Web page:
Through Madecassoside and Asiatic acid, Tiger grass has reported properties to help heal skin damage from oxidative stress like UV damage and the normal aging process. A study on Madecassoside on aging skin found that using a cream with vitamin C and C. asiatica extract improved the appearance of roughness, texture, and wrinkles. These results were supported by measurements of skin elasticity and semi-quantitative histological assessment of the elastic fiber network in the papillary dermis.
This is due to the enhancement of type I collagen, which usually decreases with aging. C. asiatica has been shown to modulate collage synthesis and proliferation. The study also looked at just vitamin C and found that the combination on C. asiatica and vitamin C led to more improvement that vitamin C used alone.
In patients with diabetic wounds, Centella asiatica extract taken three times a day after a meal helped improve healing through shortening the healing time and decreasing scar formation. This is due to C. asiatica inhibiting the inflammatory process which may provoke hypertrophy in scars and improves the capillary permeability.
Is Tiger Grass Bad for Me?
Although side effects of tiger grass are rare, when used externally on the skin, some patients have developed allergic reactions and burning of the skin. When Centella asiatica is applied topically to the skin, the recommendation is to use it for up to 6 weeks then take a 2 week break prior to restarting the treatment.[5,16] No information is currently available regarding its drug interactions with other medications, pregnancy category, or safety for use in lactation. One study was performed on women 6 months postpartum that took an oral form of Centella asiatica for stretch marks. There were no adverse effects and marked improvements on their stretchmarks.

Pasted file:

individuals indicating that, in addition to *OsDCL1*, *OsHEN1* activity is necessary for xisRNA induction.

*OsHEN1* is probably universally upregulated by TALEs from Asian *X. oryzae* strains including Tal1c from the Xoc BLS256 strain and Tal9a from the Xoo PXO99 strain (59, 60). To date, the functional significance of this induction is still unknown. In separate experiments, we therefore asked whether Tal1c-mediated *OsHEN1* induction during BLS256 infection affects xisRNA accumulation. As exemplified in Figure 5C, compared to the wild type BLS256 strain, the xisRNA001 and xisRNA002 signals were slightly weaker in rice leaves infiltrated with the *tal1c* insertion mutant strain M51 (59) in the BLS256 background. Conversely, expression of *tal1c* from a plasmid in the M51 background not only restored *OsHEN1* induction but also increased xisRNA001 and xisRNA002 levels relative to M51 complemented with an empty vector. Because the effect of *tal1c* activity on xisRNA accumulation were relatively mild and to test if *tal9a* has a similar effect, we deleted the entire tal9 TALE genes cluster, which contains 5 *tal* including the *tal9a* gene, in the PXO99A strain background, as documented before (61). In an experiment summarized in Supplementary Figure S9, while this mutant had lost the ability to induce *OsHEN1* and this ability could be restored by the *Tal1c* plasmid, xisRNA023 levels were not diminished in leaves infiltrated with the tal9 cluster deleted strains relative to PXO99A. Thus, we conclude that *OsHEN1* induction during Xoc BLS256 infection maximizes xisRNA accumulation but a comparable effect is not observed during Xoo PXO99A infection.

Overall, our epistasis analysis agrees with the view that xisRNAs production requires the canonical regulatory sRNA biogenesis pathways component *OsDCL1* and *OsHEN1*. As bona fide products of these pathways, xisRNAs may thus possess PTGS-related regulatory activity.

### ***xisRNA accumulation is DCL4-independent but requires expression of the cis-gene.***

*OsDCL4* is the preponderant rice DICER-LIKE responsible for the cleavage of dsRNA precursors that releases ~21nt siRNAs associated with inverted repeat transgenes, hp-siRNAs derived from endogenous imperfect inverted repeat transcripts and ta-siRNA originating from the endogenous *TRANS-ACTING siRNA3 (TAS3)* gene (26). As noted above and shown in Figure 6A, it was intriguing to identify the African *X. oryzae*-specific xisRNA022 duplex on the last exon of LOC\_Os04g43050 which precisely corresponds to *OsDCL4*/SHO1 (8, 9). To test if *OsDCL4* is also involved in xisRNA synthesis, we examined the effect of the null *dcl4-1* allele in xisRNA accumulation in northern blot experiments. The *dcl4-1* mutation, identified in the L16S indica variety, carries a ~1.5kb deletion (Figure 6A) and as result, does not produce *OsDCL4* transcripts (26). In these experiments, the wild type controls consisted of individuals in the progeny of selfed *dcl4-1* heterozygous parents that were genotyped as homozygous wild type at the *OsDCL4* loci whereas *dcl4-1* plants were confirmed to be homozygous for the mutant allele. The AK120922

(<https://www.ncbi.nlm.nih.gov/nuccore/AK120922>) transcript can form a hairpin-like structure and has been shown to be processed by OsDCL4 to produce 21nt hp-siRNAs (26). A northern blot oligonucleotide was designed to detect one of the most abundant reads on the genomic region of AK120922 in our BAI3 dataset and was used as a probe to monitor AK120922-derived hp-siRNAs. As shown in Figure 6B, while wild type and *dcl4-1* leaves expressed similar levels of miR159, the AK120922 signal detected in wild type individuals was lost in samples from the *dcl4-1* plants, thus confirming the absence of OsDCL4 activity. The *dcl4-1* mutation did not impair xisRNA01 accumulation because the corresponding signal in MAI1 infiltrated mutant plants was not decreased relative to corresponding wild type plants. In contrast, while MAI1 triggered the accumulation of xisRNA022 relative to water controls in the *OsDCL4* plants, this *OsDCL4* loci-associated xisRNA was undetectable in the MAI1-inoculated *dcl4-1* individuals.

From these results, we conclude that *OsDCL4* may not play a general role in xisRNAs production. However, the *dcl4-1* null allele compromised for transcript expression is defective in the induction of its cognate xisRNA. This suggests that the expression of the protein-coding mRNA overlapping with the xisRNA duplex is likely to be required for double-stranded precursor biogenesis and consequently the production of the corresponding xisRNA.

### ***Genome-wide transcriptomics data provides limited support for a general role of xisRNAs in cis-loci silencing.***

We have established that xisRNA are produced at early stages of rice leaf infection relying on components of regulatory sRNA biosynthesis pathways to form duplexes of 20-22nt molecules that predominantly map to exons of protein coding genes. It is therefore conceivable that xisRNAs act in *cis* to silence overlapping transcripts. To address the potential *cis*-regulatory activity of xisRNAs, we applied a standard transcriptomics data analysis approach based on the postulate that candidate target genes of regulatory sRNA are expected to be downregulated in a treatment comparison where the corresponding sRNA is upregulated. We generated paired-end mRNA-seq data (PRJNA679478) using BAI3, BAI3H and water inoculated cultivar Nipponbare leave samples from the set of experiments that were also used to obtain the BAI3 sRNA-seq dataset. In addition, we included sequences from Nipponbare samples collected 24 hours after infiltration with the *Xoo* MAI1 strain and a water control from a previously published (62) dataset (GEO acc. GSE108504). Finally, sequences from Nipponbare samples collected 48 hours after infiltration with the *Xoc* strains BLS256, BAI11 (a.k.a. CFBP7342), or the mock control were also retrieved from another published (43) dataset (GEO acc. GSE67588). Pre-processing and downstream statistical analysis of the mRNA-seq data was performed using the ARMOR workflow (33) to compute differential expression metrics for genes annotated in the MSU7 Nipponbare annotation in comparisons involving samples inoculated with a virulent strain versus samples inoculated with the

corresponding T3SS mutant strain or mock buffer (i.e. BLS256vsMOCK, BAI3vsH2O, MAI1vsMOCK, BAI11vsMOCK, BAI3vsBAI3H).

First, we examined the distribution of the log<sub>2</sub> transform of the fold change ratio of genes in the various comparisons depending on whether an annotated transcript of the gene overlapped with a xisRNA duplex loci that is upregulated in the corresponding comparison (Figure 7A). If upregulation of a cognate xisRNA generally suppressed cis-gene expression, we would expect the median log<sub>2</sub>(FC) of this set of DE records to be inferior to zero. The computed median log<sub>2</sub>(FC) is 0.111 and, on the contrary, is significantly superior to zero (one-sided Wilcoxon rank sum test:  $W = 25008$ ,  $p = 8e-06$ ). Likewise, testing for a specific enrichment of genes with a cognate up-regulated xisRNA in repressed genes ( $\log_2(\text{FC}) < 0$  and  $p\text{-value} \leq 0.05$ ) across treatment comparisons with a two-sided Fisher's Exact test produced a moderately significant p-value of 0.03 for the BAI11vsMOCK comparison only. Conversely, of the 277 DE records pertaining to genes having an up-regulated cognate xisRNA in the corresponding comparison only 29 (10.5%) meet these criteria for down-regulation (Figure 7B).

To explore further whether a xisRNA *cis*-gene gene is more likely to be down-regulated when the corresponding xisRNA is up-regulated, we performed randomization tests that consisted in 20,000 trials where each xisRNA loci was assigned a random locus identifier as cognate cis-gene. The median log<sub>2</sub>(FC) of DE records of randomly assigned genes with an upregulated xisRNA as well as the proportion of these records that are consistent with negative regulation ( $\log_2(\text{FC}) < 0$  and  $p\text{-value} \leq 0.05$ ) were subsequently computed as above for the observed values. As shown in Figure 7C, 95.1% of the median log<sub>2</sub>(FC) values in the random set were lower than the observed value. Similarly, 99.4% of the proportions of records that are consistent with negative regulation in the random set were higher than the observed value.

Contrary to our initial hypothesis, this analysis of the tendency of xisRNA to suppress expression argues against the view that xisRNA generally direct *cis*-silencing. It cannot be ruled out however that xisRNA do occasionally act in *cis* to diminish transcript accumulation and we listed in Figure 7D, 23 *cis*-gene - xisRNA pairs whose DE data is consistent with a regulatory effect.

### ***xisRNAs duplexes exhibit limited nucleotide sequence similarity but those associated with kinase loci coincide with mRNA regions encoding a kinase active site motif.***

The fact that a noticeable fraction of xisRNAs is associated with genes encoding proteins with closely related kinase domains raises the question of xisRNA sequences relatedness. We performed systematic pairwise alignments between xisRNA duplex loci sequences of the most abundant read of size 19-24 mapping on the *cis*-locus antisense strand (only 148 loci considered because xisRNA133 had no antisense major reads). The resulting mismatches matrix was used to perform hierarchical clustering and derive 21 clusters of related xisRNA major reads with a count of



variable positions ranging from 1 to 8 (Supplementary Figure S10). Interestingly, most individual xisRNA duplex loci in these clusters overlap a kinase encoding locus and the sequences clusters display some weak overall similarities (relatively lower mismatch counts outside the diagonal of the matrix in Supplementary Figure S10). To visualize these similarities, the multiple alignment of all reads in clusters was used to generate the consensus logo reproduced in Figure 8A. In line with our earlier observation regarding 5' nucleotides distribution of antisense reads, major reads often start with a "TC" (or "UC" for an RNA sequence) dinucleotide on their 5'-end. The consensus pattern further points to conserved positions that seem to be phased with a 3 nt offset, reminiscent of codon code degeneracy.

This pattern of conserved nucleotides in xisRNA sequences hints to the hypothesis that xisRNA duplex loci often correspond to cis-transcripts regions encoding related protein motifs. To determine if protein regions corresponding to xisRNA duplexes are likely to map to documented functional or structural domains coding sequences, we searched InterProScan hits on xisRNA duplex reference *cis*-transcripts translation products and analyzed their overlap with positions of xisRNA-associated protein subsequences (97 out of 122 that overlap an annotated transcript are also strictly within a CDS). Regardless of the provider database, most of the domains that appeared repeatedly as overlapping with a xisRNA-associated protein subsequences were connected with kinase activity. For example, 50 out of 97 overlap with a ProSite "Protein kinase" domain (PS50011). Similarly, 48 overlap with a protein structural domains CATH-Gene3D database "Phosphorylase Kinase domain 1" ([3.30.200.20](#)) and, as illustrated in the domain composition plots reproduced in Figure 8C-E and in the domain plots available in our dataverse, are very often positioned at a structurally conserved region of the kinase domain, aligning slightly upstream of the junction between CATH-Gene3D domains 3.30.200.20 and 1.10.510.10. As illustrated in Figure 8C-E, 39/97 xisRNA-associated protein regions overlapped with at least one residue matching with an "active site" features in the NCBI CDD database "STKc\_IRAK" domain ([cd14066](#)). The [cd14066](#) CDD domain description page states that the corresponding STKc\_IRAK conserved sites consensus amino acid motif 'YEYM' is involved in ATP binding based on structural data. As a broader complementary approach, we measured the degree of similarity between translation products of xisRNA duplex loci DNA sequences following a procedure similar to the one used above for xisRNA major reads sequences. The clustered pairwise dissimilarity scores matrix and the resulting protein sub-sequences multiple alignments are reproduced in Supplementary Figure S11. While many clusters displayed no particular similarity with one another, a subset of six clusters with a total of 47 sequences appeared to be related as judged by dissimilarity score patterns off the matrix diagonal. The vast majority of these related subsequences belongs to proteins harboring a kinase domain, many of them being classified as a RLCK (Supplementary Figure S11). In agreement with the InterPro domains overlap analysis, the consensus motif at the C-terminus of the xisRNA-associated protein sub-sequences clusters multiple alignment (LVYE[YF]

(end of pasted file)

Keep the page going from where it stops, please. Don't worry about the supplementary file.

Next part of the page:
Some side effects have been noted with the use of the herb. When taken orally in a pill or capsule form, some patients noted indigestion, nausea, and headaches; overdoses can result in drowsiness and dizziness.
If you do find yourself compelled to try some of the new products on the market, be sure to test the product in a small area of skin before applying to a larger area.
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- Ling Y, Gong Q, Xiong X, et al. Protective effect of madecassoside on H2O2-induced oxidative stress and autophagy activation in human melanocytes. Oncotarget.2017;8(31):51066-51075; PMID: 28881630 https://www.ncbi.nlm.nih.gov/pubmed/28881630.
- Qian Y, Xin Z, Lv Y, et al. Asiatic acid suppresses neuroinflammation in BV2 microglia via modulation of the Sirt1/NF-kappaB signaling pathway. Food Funct.2018;10.1039/c7fo01442bPMID: 29354820 https://www.ncbi.nlm.nih.gov/pubmed/29354820.
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- Hu, S., Belcaro, G., Hosoi, M., Feragalli, B., Luzzi, R., & Dugall, M. (2018). Postpartum stretchmarks: repairing activity of an oral Centella asiatica supplementation (Centellicum®). Minerva ginecologica, 70(5), 629–634. https://doi.org/10.23736/S0026-4784.18.04254-5
- Haftek, M., Mac-Mary, S., Le Bitoux, M. A., Creidi, P., Seité, S., Rougier, A., & Humbert, P. (2008). Clinical, biometric and structural evaluation of the long-term effects of a topical treatment with ascorbic acid and madecassoside in photoaged human skin. Experimental dermatology, 17(11), 946–952. https://doi.org/10.1111/j.1600-0625.2008.00732.x